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Dublin: 6 °C Saturday 18 November, 2017
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Renovation station: The creation of an access-all-areas family home

Each week, we focus on a makeover of an Irish home into a wonderful living space.

THIS WEEK’S FEATURED project shows how architecture and careful engineering can mean a huge difference to the everyday quality of life of a family.

Architect David Leyden of Leyden Hassett and Associates was tasked with adapting a typically chilly, dark bungalow from the 1970s into a home fit for a young family, one of whom is a wheelchair user.

And to add to the challenge of creating generous space for a wheelchair to manoeuvre freely, the living areas in the original layout were in the north and east – not exactly a sun-flooded aspect.

Can we give you some idea of how poky this house in Sutton, Dublin 13 was to begin with? These was the original floor plan:

And this is what Leyden designed to reverse where the living and sleeping areas were in the house:

Source: Leyden Hassett + Associates

Now the bedrooms and bathrooms are in the north and east, while two extensions to the front at the east and west build extra light-filled living areas around a lovely south-facing courtyard.

There was another good reason to extend to the front – it left the rear free for a large secure play area where the couple’s young children could play under their parents’ watchful eyes.

This is what the front looks like with that sunny courtyard:

Source: Leyden Hassett + Associates via Isabelle Coyle

Flashback: this is what it had looked like…

Source: Leyden Hassett + Associates via Isabelle Coyle

And this is now the rear:

Source: Leyden Hassett + Associates via Isabelle Coyle

Inside, the circulation of the living space had to be comfortable for every member – the floor level was dropped to allow free-flowing access from outdoor to indoor; the ceilings were raised to create double-height space in the living areas and accommodate roof skylights.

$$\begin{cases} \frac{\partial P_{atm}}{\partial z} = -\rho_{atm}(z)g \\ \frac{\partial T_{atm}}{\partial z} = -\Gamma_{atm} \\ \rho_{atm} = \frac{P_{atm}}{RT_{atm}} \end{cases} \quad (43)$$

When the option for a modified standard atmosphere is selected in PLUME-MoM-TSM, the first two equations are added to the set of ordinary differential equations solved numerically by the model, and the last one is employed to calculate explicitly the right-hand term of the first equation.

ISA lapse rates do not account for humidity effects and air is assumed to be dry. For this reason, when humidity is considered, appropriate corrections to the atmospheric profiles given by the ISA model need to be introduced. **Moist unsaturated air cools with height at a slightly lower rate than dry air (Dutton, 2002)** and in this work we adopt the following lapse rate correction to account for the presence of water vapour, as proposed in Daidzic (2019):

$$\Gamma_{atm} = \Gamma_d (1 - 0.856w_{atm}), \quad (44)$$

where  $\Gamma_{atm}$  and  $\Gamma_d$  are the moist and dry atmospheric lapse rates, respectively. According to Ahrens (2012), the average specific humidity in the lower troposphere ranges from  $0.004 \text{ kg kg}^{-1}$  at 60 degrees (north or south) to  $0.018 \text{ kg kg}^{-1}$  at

The design is dramatic enough to make it hard to believe you are inside an old 1970s bungalow – but without the feel of the space having been ‘adapted’ purely for accessiblity.

Source: Leyden Hassett + Associates via Isabelle Coyle

Source: Leyden Hassett + Associates via Isabelle Coyle

The new living space is warmer than the original closed-in bungalow with insulated floors, external wall insulation on the exteriors and warm deck insulation on the roof. There is also solar water heating, a condensing boiler, smart heating controls, wood-burning stoves, air-tight construction and heat recovery ventilation.

This pushed the BER rating of the house from a miserable ‘F’ to a rating of ‘B1′.

Unsurprisingly, the conversion picked up another top rating this year – the architect was highly commended for the project in the RIAI Architecture Awards 2014.

See more of the fantastic projects undertaken by Leyden Hassett and Associates here.

All photographs by Isabelle Coyle – more of her work can be seen here.

Renovation station: A 1930s semi-d finally sees the light>

Renovation station: Open-plan living with an energy-saving facelift>

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Sally O'Regan

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